We must have covered 3 kilometres already. The snow is heavy now – it’s April after all. I pull on my strength, my resolve and my determination to ski the run of my life.
And then I am down, joining the guide as one by one the group arrive and gather for the helicopter pick up. To fly us another mountain to ski.
I peel my helmet from my head and survey the slope I have conquered. As the pain in my legs subsides my breath slows and I feel an overwhelming sense of achievement. I look up at the mountain so silent and still, yet so dangerous – an unpredictable opponent.
We all stand at the foot of a deep gorge waiting for our pick up. There is tranquillity in being so far from the busyness of the world. The only other sign of life are bear tracks. I scan the slopes to ensure that there aren’t any bears planning to bound down for an easy lunch. We wouldn’t stand a chance the snow here is too heavy to run or ski on.
The helicopter is now heading straight for us. Although we have to stay squatted down my instinct is to bolt.
Three more heli drops later I savour a bottle of cool water – such exertion in spring temperatures makes me feel like I have had a sauna with my ski gear on.
As we leave the snowy wilderness behind the foliage seems greener than before. It feels like we are flying through the seasons – from winter to spring. The day is warm so I choose to walk the two miles back to hotel. The houses I pass indicate the simple lifestyle of the residents which contrasts uneasily with the extravagance of our morning’s pursuit.
Back at the hotel I relax in the sunshine, my exerted muscles soothed by the sun’s warmth. My perfect day – a great morning skiing and then being able to get my bikini on and enjoy the sun in the hotel garden. I wear a smile inwardly and on my face – I have pitted myself against nature and survived – with some quite fun acrobatics.
Thanks so much for being here. This post is a departure from my usual posts which are about my art process. If you’ve enjoyed the post please comment and/ or Like it. If there is someone that springs to mind who would enjoy it please share it with them, it’s my goal to reach people through my work.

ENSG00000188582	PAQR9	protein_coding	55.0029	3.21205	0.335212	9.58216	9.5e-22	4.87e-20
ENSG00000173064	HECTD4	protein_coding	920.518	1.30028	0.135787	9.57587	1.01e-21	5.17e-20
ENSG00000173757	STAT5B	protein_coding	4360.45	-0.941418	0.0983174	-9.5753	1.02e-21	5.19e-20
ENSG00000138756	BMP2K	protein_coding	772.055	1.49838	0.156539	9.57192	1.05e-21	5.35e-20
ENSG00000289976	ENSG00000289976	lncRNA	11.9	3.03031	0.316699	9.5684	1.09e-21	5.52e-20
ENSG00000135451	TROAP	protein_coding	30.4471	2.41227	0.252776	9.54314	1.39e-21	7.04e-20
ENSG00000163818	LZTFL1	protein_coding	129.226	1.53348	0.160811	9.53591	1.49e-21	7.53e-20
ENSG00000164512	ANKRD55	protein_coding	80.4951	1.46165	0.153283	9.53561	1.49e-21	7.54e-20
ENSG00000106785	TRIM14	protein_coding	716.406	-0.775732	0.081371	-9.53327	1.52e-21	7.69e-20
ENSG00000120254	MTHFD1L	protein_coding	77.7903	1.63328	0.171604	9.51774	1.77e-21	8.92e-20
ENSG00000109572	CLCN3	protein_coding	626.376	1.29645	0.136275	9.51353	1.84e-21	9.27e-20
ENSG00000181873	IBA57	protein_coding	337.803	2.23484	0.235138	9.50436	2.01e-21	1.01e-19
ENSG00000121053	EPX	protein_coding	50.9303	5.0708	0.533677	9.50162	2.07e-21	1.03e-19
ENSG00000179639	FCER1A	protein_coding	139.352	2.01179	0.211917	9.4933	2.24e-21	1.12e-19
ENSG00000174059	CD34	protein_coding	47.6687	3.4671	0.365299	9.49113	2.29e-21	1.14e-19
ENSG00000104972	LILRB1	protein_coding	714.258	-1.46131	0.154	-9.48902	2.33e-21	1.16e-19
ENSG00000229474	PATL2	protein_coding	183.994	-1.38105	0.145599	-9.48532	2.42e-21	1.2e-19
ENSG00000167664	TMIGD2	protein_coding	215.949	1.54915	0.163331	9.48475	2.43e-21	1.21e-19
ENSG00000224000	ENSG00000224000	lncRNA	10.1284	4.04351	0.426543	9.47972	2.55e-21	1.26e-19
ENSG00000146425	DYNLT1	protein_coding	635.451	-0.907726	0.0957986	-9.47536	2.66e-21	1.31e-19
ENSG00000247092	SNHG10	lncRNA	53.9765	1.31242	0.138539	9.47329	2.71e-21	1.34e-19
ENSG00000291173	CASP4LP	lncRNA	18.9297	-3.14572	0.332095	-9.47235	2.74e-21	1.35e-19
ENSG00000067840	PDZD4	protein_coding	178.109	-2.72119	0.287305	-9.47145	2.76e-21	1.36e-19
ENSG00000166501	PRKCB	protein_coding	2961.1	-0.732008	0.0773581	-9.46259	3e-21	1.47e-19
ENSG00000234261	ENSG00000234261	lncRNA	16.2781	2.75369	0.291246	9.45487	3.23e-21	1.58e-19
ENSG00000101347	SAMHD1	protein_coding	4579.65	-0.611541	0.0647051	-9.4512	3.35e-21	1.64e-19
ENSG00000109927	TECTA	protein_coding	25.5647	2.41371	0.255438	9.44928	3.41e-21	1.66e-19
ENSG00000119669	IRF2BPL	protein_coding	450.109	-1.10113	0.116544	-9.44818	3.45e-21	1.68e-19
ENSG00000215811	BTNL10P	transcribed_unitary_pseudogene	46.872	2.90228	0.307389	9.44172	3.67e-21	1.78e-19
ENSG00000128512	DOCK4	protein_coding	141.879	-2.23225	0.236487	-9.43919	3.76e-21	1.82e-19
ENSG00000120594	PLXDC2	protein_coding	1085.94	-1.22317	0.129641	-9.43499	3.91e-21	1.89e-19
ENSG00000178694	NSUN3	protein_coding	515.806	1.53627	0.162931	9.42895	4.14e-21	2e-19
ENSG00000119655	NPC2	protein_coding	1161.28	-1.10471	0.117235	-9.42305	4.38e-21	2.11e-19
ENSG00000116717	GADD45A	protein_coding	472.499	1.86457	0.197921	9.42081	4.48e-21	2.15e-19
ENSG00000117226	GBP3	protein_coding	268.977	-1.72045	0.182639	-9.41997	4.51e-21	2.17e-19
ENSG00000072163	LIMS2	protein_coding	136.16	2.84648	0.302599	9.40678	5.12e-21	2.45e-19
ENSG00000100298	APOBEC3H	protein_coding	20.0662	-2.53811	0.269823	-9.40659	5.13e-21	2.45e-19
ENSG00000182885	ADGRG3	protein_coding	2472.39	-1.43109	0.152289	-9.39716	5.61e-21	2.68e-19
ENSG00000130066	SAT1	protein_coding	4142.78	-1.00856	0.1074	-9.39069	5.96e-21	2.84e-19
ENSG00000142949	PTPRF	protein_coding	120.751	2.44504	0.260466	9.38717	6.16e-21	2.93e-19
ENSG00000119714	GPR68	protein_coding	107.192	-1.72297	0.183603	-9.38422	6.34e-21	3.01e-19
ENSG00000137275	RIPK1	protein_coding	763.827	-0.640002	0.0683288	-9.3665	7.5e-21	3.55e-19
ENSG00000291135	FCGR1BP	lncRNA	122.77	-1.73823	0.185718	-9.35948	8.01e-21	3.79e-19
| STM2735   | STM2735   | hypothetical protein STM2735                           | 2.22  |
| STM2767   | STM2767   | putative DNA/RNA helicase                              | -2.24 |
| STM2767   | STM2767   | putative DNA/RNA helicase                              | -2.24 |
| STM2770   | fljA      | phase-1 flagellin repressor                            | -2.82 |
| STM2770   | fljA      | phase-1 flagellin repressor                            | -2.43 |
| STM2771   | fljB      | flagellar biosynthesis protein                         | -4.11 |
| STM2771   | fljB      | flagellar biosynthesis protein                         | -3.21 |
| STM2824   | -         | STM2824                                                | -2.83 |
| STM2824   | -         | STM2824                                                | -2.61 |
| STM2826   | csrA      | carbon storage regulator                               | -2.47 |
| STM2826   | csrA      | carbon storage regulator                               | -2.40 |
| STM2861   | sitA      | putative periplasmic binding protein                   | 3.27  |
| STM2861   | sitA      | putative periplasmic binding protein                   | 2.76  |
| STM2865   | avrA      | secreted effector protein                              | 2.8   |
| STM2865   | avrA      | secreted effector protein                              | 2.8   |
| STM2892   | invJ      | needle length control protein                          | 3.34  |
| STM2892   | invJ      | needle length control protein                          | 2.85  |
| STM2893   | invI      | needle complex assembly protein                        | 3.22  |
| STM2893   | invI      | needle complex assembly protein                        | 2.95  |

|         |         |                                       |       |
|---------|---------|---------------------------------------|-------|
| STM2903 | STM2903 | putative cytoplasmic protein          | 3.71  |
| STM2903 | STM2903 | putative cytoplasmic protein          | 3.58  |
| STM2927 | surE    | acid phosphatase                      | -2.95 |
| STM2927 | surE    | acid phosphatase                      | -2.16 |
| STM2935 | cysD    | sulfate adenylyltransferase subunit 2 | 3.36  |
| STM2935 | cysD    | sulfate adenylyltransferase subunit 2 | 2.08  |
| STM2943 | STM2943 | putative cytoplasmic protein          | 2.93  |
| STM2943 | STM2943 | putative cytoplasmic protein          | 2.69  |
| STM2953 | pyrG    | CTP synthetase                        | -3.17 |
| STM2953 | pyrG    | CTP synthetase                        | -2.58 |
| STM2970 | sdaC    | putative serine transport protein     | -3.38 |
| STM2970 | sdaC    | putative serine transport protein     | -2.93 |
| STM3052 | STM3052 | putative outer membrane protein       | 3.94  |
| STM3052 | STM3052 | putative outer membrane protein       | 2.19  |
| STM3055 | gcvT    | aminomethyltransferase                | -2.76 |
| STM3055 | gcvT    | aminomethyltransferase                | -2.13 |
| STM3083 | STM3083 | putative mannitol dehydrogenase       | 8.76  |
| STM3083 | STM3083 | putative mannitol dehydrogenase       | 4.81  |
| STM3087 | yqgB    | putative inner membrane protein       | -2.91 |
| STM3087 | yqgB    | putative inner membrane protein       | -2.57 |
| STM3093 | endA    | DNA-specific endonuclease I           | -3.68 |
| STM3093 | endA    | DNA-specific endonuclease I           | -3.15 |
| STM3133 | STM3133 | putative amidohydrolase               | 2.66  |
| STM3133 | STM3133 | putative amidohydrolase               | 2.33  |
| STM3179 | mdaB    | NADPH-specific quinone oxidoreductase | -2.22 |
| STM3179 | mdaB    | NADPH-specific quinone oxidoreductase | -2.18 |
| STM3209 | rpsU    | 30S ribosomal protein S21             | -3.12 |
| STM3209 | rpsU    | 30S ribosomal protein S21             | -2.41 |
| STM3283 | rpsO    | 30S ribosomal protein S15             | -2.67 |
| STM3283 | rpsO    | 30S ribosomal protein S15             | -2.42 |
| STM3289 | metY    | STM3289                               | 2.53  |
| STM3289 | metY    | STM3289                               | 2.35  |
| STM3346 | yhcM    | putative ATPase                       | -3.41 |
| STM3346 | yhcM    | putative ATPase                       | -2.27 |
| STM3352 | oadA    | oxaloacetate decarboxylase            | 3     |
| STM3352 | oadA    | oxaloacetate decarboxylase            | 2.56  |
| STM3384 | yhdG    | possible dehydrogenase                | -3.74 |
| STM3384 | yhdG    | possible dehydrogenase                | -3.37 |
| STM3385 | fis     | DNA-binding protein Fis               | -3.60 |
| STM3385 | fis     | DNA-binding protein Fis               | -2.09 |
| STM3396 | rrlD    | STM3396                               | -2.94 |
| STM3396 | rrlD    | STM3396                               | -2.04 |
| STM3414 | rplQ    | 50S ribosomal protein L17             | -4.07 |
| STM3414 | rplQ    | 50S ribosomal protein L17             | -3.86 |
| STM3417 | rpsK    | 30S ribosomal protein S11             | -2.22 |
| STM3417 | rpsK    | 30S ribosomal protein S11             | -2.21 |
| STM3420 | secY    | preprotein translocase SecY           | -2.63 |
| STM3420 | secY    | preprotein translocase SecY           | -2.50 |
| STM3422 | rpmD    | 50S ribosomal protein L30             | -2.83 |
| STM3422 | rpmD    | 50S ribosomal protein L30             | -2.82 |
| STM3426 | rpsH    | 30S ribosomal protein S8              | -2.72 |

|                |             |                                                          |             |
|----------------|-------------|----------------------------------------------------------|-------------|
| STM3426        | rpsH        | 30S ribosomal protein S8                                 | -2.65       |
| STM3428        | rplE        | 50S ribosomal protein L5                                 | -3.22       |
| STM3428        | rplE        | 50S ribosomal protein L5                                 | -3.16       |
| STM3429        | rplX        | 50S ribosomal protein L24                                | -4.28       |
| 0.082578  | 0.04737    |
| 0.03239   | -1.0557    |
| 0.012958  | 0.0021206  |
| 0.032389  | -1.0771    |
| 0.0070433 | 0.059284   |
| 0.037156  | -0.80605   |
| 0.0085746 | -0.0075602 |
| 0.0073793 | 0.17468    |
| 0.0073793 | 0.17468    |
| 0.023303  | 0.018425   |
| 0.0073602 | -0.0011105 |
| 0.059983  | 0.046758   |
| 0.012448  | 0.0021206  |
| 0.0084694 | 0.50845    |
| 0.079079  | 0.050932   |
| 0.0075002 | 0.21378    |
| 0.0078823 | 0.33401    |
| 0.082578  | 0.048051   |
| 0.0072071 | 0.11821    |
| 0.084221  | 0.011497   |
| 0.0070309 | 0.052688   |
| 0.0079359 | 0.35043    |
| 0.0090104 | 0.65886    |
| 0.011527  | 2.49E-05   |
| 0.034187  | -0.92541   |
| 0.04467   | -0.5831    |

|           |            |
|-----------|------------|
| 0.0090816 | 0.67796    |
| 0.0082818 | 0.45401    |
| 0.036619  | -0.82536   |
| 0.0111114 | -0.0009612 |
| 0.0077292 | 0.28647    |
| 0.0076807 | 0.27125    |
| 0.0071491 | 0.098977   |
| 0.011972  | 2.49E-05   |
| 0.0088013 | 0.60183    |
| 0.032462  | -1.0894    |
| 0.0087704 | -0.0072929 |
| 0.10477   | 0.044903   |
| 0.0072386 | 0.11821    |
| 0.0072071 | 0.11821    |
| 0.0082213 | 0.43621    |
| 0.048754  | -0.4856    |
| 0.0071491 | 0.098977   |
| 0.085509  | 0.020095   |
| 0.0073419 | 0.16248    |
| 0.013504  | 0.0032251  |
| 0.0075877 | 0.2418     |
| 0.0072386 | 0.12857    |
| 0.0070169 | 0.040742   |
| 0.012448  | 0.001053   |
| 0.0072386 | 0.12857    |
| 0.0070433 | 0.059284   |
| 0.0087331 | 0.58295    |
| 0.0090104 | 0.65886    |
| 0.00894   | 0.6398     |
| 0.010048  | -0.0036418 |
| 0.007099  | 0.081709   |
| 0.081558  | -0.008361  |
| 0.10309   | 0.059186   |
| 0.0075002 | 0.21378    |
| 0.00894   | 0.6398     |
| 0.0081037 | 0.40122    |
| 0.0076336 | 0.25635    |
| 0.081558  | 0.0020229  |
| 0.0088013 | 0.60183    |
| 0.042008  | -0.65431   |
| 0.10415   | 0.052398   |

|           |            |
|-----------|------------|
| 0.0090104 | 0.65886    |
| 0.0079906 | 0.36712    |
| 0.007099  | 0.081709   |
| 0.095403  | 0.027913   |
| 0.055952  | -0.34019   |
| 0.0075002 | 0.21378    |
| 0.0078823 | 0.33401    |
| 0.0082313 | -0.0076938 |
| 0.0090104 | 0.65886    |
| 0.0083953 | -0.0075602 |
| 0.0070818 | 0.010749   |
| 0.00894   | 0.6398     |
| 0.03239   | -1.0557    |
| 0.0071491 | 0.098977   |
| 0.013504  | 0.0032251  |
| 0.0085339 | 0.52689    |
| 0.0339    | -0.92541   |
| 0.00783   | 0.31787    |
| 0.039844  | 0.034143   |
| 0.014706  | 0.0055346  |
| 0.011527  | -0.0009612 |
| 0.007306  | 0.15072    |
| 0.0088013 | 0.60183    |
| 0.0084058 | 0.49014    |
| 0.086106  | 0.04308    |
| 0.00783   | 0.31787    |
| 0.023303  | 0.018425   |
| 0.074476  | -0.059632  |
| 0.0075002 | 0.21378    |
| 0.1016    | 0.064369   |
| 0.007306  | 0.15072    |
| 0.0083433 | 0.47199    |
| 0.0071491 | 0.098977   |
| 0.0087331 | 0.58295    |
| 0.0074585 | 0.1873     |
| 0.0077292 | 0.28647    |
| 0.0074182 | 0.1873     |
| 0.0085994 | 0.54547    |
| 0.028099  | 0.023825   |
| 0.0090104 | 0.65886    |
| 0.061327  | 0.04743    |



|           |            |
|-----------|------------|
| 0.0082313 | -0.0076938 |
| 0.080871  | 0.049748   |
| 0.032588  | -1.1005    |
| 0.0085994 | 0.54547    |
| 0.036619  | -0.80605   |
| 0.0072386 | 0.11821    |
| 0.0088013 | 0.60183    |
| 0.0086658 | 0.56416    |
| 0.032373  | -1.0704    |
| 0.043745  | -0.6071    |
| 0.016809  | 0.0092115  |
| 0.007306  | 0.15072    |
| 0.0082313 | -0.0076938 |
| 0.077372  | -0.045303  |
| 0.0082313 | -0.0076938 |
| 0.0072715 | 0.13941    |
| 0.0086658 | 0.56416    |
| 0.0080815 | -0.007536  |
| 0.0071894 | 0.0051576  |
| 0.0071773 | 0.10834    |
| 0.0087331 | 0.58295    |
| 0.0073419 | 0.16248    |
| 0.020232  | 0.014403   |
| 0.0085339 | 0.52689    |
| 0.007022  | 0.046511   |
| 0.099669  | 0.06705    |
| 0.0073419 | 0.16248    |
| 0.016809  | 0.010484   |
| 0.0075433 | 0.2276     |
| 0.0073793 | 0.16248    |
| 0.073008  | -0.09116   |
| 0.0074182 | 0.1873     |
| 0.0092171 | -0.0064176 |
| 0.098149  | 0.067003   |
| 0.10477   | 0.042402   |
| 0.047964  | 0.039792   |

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As I waited for my husband to return from the hotel buffet, feeling all guests eyes on me with my new leg brace and crutches I decided to draw.
My ski knee injury was a guarantee of a need to be patient and go with the flow. It is just a few shirt days since the accident. Trying to diarise my experience through biro pen drawings is a way of expressing my experience and is a subject on which to practice my art.
This is the first drawing of the knee shake as the ligaments damaged.
The pictures of the subsequent experiences and days follow.
I realised that I can draw myself better than others that I have to be wanting to do the drawing as when they are half hearted then I rush them and they are not as good. I realised that faces are tricky when they are small. Some of the pictures are my point of view and some are me stepping back and drawing what I think I looked like at that time.
I am pleased with the drawings from these first four days, will continue to document the experiences in this way. It will be busier when I get home but at present there is little I can do but sit and rest my leg between meals and toilet visits. But we are making the best of it and I appreciate the small things which one usually would take for granted due to their normality. It’s a learning.
This was the bruising at the back of my knee about 10 days after the injury.,
Update February 2020
Later MRI and CT scans showed. I did the ‘Unhappy Triad’ – complete tear of ACL, medial ligament tore from the bone, and I damaged my meniscus. Was three years to get back to skiing and five to get back to the pre-injury control. Had an ACL reconstruction and millions of exercises. But it was a life changing/affirming experience. When there’s not much I could do, I wanted to be enjoying what I was doing. That is where art saved me.